Text: Colossians 2:16-23, Romans 14:1-23, Hebrews 8:1-6, Hebrews 10:1-10
I’ve heard it takes 21 days to make a new habit stick. In theory, after three weeks of going through the paces, whatever habit you’re trying to adopt will finally stick. The shadow of who you want to be, in 21 days, will have been fully eclipsed by a new, truer you—a sugar quitter, a regular exerciser, or one of those responsible individuals who skips the Netflix binge-watching and goes to bed early. In theory.
The tricky part—which anyone attempting such goals will tell you—is getting through those 21 days without quitting. Keep in mind, this is coming from the woman who has twice caved during 30-day sugar detoxes to cookie dough ice cream and peanut butter cups (days 8 and 11, respectively).
In an effort to maintain consistency, we easily-tempted humans utilize all sorts of “self-help” tools of various rules and rituals, not to mention accountability via hashtags online, social media check-ins, wellness apps, and maybe even real live community groups. While these things can be useful in getting us closer to our goal, we also run the risk of making them our sole and supreme focus.
Though Paul certainly isn’t referring to quitting sugar in these words to the Colossians, he is speaking to the danger of being so lost in religion and ritual and how-tos that we never truly taste the goodness of God. He is preaching against asceticism, a severe, man-imposed self-discipline that serves as self-serving checkmarks rather than true submission to God (Colossians 2:22-23).
Paul feared Christians in Colossae were becoming more occupied with these acts of “merit” than with the living Christ Himself.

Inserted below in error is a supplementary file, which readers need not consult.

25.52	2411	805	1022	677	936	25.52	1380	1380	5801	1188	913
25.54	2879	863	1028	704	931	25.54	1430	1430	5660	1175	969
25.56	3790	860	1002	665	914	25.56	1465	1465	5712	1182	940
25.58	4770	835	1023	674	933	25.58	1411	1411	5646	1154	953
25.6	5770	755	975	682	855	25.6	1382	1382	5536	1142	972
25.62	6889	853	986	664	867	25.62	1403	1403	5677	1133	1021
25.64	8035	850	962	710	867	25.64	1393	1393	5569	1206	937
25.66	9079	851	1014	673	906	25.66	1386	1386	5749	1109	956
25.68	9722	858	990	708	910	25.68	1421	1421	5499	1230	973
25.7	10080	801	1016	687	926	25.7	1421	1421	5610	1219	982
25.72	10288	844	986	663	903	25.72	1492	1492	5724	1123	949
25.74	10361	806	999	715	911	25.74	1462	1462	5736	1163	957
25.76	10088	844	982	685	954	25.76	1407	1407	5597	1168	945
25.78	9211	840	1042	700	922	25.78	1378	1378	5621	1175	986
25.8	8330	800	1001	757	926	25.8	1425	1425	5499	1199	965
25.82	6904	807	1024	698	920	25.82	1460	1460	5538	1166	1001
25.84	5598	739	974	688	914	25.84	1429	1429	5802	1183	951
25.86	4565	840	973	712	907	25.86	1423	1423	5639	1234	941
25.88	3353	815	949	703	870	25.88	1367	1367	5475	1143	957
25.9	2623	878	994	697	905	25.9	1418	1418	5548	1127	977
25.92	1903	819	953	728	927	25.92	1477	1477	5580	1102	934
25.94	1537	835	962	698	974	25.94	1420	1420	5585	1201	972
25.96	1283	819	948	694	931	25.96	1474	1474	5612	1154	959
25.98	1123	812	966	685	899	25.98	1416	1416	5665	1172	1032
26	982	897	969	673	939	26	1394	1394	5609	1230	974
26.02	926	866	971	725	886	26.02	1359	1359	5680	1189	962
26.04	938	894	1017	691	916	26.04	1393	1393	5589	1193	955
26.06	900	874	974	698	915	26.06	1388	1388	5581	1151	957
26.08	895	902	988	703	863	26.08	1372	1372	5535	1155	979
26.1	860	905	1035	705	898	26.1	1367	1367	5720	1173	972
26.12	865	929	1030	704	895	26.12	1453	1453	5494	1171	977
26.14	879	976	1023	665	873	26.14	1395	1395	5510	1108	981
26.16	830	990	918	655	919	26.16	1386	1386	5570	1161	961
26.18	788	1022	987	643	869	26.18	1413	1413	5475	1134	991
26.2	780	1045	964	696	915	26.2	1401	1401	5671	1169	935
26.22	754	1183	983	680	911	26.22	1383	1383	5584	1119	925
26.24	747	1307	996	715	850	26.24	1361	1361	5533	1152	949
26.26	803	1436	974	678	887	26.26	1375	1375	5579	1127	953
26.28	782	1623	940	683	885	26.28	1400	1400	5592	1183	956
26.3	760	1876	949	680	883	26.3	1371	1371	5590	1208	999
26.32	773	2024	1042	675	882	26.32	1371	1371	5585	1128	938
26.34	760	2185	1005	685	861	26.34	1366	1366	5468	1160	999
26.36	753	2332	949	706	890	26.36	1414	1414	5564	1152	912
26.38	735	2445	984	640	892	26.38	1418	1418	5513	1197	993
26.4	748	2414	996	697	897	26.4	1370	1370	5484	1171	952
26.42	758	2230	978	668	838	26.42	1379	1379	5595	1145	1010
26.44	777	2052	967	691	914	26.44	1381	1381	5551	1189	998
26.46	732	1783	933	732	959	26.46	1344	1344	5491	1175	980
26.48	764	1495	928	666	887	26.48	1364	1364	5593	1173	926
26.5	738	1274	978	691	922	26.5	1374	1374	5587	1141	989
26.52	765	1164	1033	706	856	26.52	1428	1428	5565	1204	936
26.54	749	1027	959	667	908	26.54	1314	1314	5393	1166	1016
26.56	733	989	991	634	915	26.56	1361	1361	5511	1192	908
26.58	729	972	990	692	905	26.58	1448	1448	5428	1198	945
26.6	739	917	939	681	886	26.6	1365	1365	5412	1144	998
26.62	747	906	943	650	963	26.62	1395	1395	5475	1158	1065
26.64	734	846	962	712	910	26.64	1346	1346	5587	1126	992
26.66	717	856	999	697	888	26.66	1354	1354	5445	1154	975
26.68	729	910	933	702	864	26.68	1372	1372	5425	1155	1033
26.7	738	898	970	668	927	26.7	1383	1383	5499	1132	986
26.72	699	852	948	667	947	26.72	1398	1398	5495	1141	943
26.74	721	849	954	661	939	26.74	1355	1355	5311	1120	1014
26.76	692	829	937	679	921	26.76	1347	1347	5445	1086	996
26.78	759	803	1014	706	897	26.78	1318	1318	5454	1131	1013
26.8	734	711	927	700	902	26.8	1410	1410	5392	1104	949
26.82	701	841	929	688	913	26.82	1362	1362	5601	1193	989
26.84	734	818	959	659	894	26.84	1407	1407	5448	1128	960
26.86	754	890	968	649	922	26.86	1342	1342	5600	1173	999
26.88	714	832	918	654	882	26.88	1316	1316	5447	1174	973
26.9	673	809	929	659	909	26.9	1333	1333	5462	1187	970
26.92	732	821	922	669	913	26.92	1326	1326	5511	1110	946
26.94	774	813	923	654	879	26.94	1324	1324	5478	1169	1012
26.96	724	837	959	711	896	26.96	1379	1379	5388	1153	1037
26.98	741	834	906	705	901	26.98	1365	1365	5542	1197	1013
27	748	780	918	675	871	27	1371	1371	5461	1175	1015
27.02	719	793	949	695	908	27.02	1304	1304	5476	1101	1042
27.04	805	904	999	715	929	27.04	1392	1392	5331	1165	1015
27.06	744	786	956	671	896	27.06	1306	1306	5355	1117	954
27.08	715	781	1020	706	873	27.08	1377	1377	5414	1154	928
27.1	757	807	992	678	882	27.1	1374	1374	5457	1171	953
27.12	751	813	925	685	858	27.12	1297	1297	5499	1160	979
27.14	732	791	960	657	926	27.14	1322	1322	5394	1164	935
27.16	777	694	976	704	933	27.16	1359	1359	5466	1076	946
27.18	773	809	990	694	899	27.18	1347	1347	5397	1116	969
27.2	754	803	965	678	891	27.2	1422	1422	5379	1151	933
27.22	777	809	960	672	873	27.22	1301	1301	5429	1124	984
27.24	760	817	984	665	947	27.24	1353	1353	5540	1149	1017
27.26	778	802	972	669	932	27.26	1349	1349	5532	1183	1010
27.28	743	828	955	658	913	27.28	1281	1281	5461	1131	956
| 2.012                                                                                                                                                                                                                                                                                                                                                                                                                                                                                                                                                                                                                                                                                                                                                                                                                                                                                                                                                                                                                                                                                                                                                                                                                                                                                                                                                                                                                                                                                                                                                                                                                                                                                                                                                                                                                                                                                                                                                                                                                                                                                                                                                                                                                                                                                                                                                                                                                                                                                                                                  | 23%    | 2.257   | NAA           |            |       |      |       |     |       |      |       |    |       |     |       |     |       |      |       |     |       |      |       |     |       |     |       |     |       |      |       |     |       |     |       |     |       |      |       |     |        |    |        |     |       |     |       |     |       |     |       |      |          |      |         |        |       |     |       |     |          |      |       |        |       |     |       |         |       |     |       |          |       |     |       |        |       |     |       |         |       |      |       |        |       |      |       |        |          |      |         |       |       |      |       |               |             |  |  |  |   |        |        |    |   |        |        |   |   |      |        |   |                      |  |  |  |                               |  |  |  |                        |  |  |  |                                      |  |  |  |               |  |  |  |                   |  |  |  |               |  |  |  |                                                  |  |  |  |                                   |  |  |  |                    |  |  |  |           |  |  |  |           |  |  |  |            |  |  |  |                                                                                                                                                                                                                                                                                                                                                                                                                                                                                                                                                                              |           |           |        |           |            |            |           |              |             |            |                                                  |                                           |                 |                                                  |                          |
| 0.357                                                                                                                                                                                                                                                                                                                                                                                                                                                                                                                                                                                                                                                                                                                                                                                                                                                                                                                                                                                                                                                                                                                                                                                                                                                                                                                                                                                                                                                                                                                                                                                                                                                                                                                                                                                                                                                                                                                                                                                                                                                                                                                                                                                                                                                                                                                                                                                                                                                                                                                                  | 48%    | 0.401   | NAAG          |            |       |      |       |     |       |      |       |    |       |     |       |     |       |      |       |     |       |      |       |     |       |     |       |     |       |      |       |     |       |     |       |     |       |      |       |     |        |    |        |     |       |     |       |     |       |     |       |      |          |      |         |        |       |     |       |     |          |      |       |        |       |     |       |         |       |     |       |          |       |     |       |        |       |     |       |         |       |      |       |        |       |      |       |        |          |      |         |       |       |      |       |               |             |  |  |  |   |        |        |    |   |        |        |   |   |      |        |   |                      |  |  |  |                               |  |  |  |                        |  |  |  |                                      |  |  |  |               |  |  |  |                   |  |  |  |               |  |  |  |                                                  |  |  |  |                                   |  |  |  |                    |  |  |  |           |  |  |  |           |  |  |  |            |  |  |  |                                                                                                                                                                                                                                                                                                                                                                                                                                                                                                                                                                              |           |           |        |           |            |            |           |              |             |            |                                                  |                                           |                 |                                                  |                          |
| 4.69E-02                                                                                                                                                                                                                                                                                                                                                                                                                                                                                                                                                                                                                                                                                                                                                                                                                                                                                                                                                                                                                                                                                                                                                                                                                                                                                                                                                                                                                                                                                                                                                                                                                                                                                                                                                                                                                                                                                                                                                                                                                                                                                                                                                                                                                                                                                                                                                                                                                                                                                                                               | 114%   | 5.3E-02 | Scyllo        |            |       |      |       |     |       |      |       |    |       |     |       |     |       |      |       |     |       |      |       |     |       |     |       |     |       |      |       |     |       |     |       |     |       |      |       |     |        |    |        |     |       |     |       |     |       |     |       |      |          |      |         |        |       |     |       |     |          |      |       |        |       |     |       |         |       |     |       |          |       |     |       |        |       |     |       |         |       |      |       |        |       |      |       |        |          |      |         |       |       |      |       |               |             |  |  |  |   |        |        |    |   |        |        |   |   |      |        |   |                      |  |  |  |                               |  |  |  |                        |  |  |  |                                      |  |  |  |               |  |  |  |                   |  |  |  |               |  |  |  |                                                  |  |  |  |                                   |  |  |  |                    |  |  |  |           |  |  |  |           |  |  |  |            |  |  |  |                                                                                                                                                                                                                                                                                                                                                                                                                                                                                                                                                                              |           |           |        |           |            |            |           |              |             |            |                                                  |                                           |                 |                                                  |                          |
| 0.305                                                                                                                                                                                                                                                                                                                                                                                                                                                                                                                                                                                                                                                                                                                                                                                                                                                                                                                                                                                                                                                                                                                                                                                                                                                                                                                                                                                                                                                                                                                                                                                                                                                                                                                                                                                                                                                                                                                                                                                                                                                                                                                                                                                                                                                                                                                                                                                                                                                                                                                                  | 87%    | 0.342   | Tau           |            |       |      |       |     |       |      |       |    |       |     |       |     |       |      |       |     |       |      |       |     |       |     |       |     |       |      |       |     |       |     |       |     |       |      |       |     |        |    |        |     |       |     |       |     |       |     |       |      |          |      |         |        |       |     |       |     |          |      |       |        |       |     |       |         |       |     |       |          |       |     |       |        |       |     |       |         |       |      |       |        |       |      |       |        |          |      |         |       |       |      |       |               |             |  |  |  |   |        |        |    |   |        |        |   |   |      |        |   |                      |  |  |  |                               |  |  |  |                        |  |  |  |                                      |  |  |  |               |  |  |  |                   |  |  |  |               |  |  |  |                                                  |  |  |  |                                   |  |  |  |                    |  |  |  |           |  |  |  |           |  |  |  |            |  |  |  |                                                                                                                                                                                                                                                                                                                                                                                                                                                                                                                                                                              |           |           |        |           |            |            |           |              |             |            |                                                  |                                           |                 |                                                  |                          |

Friends, don’t we do our own version of these empty acts today? Take my daughter, for example, making “breakfast” in her play kitchen and then gnawing on a plastic waffle. Are we tasting the real thing or just going through the paces? Are we doing spiritual things because they’re “good,” or are we doing them out of love for Christ?
These “virtuous” disciplines, as Paul writes, are simply a shadow. The substance is Jesus (Colossians 2:7). When we buy into these practices apart from the person of Christ, we undervalue God’s grace, presuming that He needs our righteousness. He doesn’t. Christ is perfectly righteous, and we can only find our fullness in Him. In love, He calls us to live in a way that is good and holy and right—not out of fear of losing our salvation, but out of our adoration of Him.
A full life in Jesus doesn’t mean 21 days of going through the paces, making a prideful display of spiritual acts we think will make us more holy. We can’t be satisfied with the shadow, not when we have the Savior. The gospel offers real fullness in Christ, freely given. And believe me, friends, nothing tastes sweeter (Psalm 119:103-104).